|Country of origin||Russian Federation|
|Other names||Chukcha, Chuksha|
The breed standard indicates that the males of the breed are ideally between 21 and 23.5 inches (53 and 60 cm) tall at the withers and weighing between 45 and 60 pounds (20 and 27 kg). Females are smaller, growing to between 20 to 22 inches (51 to 56 cm) tall at the withers and weighing between 35 to 50 pounds (16 to 23 kg)
The Siberian Husky, Samoyed, and Alaskan Malamute are all breeds directly descended from the original sled dog, which 2004 DNA analysis confirms is one of the oldest breeds of dog. It is thought that the term "husky" is a corruption of the nickname "Esky" once applied to the Eskimo and subsequently to their dogs. On February 3, 1925, Gunnar Kaasen was first in the 1925 serum run to Nome to deliver diphtheria serum from Nenana, over 600 miles to Nome. This was a group effort by several sled-dog teams and mushers, with the longest (91 miles or 146 km) and most dangerous segment of the run covered by Leonhard Seppala. The Iditarod Trail Sled Dog Race commemorates this famous delivery. The event is also loosely depicted in the 1995 animated film Balto, as the name of Gunnar Kaasen's lead dog in his sled team was Balto, although unlike the real dog, Balto the character was portrayed as half wolf in the film. In honor of this lead dog, a bronze statue was erected at Central Park in New York City.
The free-spirited Siberian Husky is usually good-natured with everyone. He is also very playful, athletic, agile, and light on his feet. He loves the great outdoors and requires vigorous exercise, especially in cool weather. He should be taken running, hiking, and/or biking every day, always on-leash, for he is independent and born to run. If something catches his interest, he'll be gone. The Husky has been described as a behavioral representative of the domestic dog's forebearer, the wolf, exhibiting a wide range of its ancestors' behavior. They are known to howl rather than bark. Behavioral issues include a tendency to roam and to make escape attempts - they have been described as escape artists; which can include digging under, chewing through, or even jumping over fences! The ASPCA classifies the breed as good with children.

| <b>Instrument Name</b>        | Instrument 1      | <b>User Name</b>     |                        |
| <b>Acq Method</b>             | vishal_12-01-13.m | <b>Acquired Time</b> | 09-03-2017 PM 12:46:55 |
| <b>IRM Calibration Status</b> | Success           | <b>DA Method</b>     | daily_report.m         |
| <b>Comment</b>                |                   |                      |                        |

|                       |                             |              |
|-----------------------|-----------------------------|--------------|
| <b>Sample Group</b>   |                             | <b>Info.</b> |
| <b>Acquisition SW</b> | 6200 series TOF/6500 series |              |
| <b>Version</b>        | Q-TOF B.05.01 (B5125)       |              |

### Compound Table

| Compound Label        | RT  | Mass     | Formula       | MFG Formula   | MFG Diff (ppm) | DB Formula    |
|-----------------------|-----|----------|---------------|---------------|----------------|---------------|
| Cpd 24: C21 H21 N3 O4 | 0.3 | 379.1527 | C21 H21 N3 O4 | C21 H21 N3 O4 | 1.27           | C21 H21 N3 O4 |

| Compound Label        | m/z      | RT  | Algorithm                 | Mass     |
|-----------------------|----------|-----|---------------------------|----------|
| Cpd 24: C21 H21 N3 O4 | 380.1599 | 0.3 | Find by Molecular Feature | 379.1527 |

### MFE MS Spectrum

If you’re looking for an energetic and loyal companion, a Husky might be the perfect pet for you. These beautiful and intelligent dogs are full of spunk and require plenty of attention and exercise. Huskies are high-energy dogs and need a lot of activity to stay happy and healthy. Taking your Husky on daily walks and hikes, playing fetch and even allowing them to run around in your backyard are great ways to keep them in shape. It’s also important to provide them with plenty of mental stimulation and challenge. When it comes to training, Huskies can be stubborn and strong-willed. Be patient and consistent with your training and use positive reinforcement. Make sure to provide your Husky with plenty of love and praise when they do something right. If you’re looking for a loyal and loving companion, a Husky is a great choice. With the right amount of exercise, love and attention, your Husky will be a faithful and devoted friend for life.
Sled dog, companion dog